Defendants argue that the doctrine of laches bars the challenge to phase 1 (the interceptor) and phase 2 (the 12 mgd plant).

 1. The Interceptor

 EPA issued its Negative Declaration as to the interceptor on April 23, 1976, thereby stating unequivocably that it would not prepare an EIS on that phase of the project. This lawsuit was not commenced until May 31, 1978 and it was not until the filing of an amended complaint in October 1978-21/2 years after the Negative Declaration-that plaintiff sought to challenge the interceptor portion of the project. Moreover, it was not until April 12, 1979-3 years after the Negative Declaration-that plaintiff filed its motion for a preliminary injunction. As of May, 1979, construction of the interceptor was 80% complete. Savedoff Aff.

 The doctrine of laches takes on a different meaning in environmental litigation. Shiffler v. Schlesinger, 548 F.2d 96, 103 (3rd Cir. 1977). In Shiffler, the Defense Department announced in April, 1973, that it would consolidate the Army Signal School at Fort Monmouth with the Southeastern School at Fort Gordon where new facilities were being constructed. At the same time, it announced that no EIS would be prepared. The project was 85-90% complete in December 1975 when plaintiffs challenged the EIS decision. The district court denied injunctive relief on the ground of laches. The Third Circuit affirmed, saying:

 
Unlike private interest litigation, when NEPA has been violated, considerations of administrative inconvenience, cost or delay which may be presented in answering a tardy suit are not appropriate considerations upon which to justify withholding equitable relief. The central consideration is whether interruption of the (project) which is in progress would severely prejudice the public interest which the agency action is serving ; however, "(d)elay and concomitant cost increase (in completing the project) would not alone justify non-compliance with the Act." ...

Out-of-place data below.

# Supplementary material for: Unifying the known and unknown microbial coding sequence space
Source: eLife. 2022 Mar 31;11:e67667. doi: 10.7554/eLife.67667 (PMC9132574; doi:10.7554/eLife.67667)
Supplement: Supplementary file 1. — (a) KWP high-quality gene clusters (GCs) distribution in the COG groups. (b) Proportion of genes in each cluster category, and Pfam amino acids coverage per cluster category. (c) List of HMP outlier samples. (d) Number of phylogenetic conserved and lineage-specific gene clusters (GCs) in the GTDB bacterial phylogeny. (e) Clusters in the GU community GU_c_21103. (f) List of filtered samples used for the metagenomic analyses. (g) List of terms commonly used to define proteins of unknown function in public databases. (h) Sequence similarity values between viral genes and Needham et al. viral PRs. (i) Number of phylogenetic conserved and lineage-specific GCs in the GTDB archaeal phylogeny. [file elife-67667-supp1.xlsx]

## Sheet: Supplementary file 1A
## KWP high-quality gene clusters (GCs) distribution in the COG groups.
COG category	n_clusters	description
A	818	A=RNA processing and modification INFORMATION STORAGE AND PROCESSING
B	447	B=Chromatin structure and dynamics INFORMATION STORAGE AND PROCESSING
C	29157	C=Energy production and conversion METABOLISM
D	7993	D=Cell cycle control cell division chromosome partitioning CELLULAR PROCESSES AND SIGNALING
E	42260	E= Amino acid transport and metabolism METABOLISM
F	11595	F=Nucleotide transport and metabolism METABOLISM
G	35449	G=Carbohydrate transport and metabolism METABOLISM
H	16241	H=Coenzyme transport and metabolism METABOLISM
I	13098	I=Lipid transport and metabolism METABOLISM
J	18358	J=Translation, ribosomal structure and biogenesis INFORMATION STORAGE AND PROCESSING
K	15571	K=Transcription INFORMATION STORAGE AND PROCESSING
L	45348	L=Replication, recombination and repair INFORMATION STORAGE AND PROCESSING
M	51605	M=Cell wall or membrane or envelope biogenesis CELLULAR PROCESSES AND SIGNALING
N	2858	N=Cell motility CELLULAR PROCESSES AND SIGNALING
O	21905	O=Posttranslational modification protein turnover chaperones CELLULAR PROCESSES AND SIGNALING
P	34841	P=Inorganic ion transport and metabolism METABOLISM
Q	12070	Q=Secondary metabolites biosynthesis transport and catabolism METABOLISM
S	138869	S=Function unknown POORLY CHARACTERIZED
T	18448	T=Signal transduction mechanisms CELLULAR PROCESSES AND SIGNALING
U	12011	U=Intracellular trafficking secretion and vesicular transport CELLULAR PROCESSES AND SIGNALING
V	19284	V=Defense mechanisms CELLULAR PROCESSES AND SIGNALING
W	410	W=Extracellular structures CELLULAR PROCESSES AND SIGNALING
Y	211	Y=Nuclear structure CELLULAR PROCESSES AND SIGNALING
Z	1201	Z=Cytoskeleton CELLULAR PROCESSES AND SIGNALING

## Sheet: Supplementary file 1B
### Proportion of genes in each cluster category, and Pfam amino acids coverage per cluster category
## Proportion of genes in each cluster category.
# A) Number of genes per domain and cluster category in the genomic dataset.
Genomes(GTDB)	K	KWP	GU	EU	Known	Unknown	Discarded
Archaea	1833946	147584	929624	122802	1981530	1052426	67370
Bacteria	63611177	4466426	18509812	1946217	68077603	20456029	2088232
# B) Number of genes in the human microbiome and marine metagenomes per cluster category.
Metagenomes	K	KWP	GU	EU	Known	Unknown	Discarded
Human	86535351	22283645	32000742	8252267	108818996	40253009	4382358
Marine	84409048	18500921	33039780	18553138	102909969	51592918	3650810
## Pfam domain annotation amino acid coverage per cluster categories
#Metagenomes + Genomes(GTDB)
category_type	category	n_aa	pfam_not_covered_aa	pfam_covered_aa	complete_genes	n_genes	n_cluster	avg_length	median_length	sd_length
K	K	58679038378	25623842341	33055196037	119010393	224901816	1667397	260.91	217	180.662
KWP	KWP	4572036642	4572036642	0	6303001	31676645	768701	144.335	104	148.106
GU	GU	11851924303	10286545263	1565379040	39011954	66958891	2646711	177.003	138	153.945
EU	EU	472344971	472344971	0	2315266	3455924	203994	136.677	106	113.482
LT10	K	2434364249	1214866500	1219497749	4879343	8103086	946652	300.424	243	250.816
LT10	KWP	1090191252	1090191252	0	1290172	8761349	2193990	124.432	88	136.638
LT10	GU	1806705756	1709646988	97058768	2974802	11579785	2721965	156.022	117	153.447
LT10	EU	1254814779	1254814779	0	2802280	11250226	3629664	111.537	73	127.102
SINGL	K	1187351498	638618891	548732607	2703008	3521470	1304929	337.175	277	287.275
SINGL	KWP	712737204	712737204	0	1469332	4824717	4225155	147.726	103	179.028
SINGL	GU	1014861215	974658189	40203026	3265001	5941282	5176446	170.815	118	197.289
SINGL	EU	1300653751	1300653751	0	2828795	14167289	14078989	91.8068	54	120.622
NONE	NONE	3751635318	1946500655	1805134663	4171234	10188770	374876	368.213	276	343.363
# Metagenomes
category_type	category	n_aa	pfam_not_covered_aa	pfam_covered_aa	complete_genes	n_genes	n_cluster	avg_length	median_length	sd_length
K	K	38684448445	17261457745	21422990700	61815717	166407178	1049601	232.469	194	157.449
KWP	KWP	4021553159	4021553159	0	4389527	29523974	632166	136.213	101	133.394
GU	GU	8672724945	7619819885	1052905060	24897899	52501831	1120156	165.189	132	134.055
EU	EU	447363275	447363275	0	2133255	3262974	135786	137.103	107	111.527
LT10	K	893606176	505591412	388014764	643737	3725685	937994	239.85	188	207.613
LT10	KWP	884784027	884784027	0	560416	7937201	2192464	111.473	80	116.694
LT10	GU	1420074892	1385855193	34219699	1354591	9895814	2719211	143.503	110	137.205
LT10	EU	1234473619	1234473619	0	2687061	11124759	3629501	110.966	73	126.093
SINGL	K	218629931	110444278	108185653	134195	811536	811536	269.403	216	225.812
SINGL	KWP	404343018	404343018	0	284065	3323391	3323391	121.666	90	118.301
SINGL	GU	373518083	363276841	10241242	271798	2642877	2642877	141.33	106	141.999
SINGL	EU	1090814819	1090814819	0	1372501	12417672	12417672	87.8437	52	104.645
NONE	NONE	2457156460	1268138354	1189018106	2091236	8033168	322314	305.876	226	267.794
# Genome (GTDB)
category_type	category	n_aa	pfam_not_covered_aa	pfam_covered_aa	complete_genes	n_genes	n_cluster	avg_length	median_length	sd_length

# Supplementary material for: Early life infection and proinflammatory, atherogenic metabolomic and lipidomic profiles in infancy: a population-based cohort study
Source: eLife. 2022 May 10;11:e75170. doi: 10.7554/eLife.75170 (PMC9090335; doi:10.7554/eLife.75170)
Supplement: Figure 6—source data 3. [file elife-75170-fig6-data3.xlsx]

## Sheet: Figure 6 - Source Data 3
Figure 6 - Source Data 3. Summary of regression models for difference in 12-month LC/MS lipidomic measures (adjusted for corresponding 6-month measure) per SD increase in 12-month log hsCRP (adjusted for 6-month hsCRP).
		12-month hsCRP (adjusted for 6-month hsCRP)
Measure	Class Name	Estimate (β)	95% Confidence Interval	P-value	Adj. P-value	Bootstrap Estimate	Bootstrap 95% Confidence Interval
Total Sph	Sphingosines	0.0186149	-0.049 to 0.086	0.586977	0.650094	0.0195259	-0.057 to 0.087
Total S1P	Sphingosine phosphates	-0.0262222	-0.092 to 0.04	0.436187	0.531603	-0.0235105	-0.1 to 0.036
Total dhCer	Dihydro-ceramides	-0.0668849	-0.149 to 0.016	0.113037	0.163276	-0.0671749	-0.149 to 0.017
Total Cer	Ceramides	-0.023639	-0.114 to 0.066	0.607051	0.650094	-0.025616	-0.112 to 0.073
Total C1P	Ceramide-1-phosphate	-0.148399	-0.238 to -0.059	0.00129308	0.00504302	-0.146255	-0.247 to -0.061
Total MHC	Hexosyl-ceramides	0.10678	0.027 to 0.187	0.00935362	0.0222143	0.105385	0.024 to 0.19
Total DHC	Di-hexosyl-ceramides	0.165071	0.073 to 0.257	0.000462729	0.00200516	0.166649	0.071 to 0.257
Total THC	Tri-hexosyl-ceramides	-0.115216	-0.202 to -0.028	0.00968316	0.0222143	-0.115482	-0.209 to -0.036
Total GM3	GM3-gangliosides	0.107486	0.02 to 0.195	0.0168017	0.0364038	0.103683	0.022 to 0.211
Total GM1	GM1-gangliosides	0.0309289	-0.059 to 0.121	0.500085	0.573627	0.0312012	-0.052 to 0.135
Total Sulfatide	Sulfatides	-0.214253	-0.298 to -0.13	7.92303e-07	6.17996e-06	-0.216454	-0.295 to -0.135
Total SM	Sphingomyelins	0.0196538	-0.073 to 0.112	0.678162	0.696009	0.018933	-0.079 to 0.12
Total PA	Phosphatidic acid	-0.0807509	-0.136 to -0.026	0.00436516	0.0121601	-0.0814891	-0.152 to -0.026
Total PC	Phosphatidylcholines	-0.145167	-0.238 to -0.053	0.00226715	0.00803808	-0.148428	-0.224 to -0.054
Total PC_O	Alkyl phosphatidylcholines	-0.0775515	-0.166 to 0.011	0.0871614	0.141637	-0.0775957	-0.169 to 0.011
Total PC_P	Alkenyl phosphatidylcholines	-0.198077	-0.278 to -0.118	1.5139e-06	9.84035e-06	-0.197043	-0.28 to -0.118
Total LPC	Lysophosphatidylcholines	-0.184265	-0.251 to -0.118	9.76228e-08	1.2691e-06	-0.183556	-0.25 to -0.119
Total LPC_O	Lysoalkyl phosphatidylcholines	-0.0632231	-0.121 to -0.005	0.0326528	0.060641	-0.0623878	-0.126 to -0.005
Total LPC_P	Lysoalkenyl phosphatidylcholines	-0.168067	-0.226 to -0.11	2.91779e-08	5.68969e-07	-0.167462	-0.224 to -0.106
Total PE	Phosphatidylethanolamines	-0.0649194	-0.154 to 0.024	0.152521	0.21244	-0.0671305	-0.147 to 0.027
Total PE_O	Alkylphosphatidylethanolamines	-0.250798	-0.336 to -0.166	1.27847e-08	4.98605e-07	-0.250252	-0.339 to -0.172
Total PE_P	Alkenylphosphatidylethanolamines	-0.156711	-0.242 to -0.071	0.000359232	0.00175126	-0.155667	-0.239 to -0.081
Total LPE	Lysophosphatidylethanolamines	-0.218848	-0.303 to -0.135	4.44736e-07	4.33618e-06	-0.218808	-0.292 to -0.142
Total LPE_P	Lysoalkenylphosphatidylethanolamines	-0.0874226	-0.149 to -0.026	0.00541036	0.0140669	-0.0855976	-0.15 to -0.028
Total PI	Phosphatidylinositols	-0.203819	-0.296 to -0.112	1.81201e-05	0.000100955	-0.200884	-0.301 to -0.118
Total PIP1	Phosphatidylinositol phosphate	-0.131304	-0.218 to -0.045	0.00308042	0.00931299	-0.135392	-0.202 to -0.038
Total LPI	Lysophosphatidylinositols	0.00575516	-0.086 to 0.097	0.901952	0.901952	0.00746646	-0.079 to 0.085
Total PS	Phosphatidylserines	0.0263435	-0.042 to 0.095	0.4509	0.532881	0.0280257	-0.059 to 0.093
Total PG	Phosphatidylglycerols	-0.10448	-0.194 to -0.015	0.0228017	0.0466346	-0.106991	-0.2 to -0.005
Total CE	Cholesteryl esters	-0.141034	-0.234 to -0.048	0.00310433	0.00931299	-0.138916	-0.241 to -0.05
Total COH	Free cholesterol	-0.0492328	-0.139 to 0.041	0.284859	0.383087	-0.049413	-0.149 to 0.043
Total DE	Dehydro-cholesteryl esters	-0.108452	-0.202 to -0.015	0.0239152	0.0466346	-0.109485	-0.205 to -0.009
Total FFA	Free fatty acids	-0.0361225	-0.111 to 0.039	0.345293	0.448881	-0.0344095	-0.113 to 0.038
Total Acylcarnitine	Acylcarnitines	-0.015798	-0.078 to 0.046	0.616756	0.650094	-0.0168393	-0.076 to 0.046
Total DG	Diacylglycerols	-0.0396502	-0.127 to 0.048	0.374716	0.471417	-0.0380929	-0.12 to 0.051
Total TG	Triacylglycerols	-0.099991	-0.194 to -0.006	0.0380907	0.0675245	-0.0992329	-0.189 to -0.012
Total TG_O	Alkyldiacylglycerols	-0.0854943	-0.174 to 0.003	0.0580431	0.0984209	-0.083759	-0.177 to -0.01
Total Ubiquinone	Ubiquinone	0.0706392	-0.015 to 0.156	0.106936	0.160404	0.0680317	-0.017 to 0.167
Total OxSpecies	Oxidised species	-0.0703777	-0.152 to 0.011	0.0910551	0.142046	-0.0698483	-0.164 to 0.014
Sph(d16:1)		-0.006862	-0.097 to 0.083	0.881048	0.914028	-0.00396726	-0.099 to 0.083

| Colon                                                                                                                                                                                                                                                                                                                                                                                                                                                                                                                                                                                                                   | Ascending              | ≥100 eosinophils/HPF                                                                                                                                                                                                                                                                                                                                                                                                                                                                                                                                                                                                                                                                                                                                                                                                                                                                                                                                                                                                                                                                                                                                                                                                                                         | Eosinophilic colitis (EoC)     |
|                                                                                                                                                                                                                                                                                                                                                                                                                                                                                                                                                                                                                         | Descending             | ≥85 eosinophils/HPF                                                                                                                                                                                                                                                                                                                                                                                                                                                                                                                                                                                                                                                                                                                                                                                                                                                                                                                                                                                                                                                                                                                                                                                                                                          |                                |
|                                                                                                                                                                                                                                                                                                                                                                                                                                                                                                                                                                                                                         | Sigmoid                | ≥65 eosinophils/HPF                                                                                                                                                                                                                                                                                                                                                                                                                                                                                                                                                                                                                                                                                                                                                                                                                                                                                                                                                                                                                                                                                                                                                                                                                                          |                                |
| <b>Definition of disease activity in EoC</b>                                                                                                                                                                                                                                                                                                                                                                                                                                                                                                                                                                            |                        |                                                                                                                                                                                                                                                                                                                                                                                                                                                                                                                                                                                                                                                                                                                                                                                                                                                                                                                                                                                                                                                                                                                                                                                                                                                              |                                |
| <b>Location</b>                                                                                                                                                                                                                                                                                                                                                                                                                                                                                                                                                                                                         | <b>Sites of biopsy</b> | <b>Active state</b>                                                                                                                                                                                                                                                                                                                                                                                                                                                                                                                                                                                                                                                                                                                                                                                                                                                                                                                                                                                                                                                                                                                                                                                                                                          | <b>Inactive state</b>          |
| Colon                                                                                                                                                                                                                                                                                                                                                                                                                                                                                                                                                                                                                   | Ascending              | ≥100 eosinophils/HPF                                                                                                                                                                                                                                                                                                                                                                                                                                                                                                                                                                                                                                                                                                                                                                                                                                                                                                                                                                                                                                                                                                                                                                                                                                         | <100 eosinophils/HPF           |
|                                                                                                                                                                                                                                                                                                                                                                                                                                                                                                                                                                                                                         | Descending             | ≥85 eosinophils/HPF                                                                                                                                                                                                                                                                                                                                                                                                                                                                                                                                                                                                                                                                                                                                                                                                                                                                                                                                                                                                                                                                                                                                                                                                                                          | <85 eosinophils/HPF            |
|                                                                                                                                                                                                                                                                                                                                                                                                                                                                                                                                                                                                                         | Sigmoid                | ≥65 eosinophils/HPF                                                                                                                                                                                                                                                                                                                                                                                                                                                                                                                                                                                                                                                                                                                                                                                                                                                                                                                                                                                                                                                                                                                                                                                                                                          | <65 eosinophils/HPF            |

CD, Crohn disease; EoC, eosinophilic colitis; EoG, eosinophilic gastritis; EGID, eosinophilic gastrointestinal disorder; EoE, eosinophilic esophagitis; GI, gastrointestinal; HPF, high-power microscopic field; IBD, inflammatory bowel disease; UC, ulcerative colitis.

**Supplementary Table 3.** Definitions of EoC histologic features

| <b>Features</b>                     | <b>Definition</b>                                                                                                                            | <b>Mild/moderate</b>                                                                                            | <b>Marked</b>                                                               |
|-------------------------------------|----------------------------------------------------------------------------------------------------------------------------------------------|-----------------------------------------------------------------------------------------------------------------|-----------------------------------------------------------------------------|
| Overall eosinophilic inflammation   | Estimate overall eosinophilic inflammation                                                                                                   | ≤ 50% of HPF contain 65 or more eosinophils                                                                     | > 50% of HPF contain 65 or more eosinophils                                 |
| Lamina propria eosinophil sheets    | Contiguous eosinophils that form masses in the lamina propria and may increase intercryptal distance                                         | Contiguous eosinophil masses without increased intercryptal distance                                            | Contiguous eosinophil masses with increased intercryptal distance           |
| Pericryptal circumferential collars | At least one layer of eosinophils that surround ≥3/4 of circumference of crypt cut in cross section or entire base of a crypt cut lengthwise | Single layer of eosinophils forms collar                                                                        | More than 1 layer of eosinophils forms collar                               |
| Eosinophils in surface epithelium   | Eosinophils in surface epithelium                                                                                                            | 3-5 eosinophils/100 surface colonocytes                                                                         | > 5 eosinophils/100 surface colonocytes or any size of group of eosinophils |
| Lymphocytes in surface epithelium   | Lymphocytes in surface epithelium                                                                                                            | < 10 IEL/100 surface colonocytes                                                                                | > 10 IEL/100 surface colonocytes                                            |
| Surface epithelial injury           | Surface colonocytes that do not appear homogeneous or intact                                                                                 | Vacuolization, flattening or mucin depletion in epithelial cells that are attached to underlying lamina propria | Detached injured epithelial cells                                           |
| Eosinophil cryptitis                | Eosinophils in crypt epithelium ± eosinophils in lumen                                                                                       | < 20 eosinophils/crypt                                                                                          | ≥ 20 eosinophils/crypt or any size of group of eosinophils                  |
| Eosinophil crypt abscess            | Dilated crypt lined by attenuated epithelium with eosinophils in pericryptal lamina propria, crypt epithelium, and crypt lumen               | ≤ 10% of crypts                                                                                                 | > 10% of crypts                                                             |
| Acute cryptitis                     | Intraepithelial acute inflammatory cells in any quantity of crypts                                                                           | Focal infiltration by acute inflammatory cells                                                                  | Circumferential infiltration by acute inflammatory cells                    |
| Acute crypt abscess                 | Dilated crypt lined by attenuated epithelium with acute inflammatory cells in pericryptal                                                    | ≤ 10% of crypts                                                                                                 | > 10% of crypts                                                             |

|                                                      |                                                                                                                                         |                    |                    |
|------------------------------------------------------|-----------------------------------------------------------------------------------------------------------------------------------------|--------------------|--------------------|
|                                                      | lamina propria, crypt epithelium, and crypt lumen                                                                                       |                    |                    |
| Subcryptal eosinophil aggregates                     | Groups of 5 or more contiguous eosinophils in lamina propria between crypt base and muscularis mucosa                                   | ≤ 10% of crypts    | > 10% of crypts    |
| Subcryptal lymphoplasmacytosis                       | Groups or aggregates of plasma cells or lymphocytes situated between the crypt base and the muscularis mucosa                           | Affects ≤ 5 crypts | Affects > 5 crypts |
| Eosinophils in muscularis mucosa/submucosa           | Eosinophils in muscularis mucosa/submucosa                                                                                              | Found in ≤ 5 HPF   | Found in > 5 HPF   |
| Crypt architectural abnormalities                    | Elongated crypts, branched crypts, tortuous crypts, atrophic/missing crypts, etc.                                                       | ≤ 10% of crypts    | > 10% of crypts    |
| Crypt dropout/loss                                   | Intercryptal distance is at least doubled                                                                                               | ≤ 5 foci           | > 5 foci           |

NEPA specifically contemplates that the administrative decision making process will be burdened with the procedural requirements ... Therefore, as long as some environmental harm can still be ameliorated, compliance with NEPA will generally be ordered. When, however, the irreversible commitment of resources has already produced most of the environmental harm which an EIS would have anticipated, the costs-benefits matrix facing the decision maker is significantly altered, and the marginal utility ... of enjoining the project may be substantially lessened.... This is more likely when the district court finds that although the agency has not fully complied with NEPA, it has identified and considered the major environmental hazards. In this situation, the marginal environmental protection afforded by an injunction will be lessened to the extent that forcing full compliance with NEPA is unlikely to alter the substantive decision so as to produce environmental benefits.

 Id., at 103-4 (Emphasis supplied.)

 Under Shiffler, the court in environmental litigation must focus not on plaintiff's delay in instituting suit but on the public interest. The public interest is not served by an injunction where an agency has "irreversibly committed its resources" to an ongoing project which is largely complete, particularly when the agency has already considered the environmental impact of the project.

 In this case, the interceptor is 80% complete. The EPA has already committed $ 8 million to the project; RVRSA has committed another $ 7 million. The existing interceptor constitutes a health hazard to the residents of Rockaway Valley. The EPA and RVRSA have considered the environmental effects of the project in numerous reports and hearings. Under these circumstances, the Court finds that the interceptor portion of the project can no longer be challenged. This would be so even if plaintiff's delay were excusable; under Shiffler a plaintiff's motives are irrelevant.

 2. The 12 mgd Plant

 A different question is presented as to the 12 mgd plant. The Negative Declaration on this portion of the project was not issued until March 21, 1978. EPA has not yet committed any funds; in fact, this phase of the project is currently subject to AWT review. We hold that, under Shiffler, plaintiff's challenge to phase 2 is not barred by laches.

 III. NEPA and EPA Regulations Promulgated Thereunder

 A. The Statutory Framework

 
(C) include in every recommendation or report on proposals for legislation and other major Federal actions significantly affecting the quality of the human environment, a ...